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November 2013

Where Innovative Entrepreneurs Diverge

Budding entrepreneurs at recent Lean In meeting in Houston.

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Many of us want to be our own bosses, but not many want to take the deep risk of starting something new and unique. You don't have to do so. Copying and franchising are honorable, but for some of us, hollow. So how can you be original? Proceed from your onlyness. Identify the unique combination of resources and capabilities available only to you.

Inc.com: How Great Entrepreneurs Think 2011-Feb-1, by Leigh Buchanan

Saras Sarasvathy, a professor at the University of Virginia's Darden School of Business, set out to determine how expert entrepreneurs think, with the goal of transferring that knowledge to aspiring founders....

Sarasvathy concluded that master entrepreneurs rely on what she calls effectual reasoning. Brilliant improvisers, the entrepreneurs don't start out with concrete goals. Instead, they constantly assess how to use their personal strengths and whatever resources they have at hand to develop goals on the fly, while creatively reacting to contingencies. By contrast, corporate executives—those in the study group were also enormously successful in their chosen field—use causal reasoning. They set a goal and diligently seek the best ways to achieve it. Early indications suggest the rookie company founders are spread all across the effectual-to-causal scale. But those who grew up around family businesses will more likely swing effectual, while those with M.B.A.'s display a causal bent. Not surprisingly, angels and seasoned VCs think much more like expert entrepreneurs than do novice investors.


Finding a tribe in Houston's entrepreneurial community

I stumbled into the Red Labs coworking space at UH last night and since I have no one on my team, by definition, none of them can be UH students, therefore I wasn't supposed to be there, HOWEVER, they were very nice and I appreciated the pizza and support.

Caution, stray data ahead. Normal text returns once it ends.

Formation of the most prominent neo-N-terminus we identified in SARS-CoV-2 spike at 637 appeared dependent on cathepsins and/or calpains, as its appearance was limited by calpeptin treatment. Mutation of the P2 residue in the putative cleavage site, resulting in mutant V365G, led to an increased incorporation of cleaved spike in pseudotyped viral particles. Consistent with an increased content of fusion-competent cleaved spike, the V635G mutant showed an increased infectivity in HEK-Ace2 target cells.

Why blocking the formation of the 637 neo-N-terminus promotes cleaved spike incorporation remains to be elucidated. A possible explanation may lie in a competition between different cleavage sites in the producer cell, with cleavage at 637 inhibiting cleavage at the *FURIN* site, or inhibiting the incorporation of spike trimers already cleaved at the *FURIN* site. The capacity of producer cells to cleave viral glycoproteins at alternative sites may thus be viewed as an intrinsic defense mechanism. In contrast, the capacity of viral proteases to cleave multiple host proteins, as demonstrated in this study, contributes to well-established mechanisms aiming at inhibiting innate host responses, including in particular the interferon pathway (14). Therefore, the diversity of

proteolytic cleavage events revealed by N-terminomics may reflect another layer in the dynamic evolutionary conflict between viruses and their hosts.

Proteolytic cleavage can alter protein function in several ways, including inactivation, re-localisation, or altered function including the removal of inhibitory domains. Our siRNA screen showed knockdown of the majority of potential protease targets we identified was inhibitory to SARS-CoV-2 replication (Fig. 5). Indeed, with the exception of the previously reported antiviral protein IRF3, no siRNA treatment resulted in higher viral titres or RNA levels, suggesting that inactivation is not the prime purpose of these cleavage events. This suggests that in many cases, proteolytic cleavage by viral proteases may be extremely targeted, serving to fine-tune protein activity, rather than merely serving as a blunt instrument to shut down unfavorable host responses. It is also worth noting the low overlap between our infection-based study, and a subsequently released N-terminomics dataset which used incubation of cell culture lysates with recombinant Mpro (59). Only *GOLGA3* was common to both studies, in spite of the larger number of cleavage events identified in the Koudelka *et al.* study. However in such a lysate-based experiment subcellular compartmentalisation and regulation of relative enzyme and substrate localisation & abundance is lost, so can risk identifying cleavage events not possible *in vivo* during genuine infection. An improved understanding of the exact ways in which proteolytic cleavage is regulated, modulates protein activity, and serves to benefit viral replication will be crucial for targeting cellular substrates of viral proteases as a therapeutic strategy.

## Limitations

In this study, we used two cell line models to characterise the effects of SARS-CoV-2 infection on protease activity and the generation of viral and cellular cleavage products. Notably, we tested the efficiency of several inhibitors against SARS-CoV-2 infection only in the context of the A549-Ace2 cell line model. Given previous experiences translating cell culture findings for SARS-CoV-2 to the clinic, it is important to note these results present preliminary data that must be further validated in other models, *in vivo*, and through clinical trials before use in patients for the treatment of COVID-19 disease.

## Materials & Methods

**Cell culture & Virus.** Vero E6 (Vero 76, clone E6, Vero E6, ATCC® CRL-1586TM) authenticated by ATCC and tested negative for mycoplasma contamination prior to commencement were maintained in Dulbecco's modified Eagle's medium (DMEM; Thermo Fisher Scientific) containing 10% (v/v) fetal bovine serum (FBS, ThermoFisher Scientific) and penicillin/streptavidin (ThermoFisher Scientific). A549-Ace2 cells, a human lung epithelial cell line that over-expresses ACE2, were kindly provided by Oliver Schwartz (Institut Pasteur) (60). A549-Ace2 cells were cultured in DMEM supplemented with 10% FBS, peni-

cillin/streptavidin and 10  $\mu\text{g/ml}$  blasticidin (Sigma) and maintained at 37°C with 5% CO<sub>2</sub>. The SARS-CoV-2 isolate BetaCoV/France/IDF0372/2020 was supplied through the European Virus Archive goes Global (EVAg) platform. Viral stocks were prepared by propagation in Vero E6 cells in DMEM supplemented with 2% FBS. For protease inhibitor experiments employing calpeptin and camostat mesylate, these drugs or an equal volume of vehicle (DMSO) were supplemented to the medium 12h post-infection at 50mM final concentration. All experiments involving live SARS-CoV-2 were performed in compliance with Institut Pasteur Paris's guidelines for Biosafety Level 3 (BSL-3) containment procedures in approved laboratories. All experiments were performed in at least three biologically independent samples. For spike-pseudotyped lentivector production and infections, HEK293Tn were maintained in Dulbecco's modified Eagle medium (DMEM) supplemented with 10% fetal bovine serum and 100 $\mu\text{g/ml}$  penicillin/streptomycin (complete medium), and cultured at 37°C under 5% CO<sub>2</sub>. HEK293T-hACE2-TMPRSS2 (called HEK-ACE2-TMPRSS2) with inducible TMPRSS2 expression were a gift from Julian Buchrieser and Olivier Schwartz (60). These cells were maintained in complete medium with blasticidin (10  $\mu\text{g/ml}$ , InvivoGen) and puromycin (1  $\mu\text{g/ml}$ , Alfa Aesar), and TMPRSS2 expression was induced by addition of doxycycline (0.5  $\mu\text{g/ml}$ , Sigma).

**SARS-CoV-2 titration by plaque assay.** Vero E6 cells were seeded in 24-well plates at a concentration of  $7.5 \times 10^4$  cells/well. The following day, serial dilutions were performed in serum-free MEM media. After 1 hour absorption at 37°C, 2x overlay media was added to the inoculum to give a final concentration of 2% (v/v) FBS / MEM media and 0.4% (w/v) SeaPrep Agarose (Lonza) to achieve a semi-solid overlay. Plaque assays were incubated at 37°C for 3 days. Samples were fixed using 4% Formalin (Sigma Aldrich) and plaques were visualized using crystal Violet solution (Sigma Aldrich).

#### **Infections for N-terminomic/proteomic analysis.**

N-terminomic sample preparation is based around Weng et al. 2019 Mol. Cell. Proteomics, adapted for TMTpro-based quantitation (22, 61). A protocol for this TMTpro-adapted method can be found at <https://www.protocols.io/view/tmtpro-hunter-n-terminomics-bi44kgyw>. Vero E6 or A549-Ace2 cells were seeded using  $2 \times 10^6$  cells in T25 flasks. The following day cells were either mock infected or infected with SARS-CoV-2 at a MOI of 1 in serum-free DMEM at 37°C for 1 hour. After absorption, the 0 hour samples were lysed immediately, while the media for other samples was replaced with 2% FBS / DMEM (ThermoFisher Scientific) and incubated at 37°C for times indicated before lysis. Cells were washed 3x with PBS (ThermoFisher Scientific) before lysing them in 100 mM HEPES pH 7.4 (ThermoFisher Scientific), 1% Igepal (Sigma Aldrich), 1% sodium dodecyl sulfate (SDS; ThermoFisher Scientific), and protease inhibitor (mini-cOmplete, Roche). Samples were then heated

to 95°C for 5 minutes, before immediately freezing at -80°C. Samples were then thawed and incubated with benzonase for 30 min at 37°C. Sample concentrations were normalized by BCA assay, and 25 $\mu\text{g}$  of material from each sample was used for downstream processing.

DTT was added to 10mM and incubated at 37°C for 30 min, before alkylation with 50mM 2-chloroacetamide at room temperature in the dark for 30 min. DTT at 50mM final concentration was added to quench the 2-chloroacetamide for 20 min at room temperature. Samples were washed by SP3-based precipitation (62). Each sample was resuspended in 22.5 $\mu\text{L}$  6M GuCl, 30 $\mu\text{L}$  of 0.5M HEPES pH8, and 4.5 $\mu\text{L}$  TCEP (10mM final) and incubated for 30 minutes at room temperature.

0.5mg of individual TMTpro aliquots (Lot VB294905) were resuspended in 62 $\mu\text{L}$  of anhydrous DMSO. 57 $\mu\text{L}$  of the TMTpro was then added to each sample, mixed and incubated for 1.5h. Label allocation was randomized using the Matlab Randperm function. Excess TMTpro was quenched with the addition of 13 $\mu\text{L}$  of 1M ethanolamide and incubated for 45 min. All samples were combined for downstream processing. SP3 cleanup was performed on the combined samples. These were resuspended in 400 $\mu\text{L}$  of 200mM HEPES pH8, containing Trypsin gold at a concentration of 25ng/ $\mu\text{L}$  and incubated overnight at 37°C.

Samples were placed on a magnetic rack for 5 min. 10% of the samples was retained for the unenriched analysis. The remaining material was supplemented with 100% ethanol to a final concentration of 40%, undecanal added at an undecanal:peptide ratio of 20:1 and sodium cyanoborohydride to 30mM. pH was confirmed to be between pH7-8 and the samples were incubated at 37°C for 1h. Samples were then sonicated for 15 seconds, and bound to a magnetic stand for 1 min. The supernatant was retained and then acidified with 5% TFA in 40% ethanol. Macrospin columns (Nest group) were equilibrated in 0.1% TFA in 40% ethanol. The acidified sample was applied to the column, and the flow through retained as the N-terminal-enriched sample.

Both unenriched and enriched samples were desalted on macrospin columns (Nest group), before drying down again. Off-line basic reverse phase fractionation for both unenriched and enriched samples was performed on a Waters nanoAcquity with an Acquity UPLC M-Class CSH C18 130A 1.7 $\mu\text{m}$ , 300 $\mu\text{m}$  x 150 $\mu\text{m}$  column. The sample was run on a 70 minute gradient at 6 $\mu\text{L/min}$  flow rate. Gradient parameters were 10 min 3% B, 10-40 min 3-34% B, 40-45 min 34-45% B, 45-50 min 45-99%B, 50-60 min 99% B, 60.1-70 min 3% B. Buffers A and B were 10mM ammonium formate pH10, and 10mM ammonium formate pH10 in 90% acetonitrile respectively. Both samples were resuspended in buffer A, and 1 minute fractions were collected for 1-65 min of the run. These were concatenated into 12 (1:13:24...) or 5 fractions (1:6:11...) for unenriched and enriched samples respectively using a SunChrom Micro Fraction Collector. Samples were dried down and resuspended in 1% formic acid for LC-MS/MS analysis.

Tq131123f2b1I was interested because they are a member of the Founder2be network. During my last entrepreneurial venture, I knew I needed partners, but I was lazy. THIS time, I'm going to make sure that I'm not working in isolation. Partners and customers are key.

I attended with Karen Aptekar, (@K_A_Productions) who's an MBA student at University of St. Thomas. Tq131123kaAbove is Karen's hand as she pitches her new documentary, which is planned to include a game launch. She was successful in getting access to future partners.

The coworking space for RED Labs at Melcher Hall is very nice. Red Labs drew together an impressive range of students from STEM areas. If they can leverage the Founder2be network, I think they can raise the visibility of UH students in the startup community nationwide.


In defense of complex models of decision-making (i.e., wisdom)

Learning to make sound decisions in the face of uncertainty has to be the most important skill a manager person can have. Knowledge of what worked in the past is fundamental. Ability to recognize potential bias is the hallmark of a more experienced decision-maker. But nothing can make uncertainty disappear.Tq131118db We have to decide in the face of uncertain outcomes. In the best decisions, we confront uncertainty, accept it and make it a part of the plan.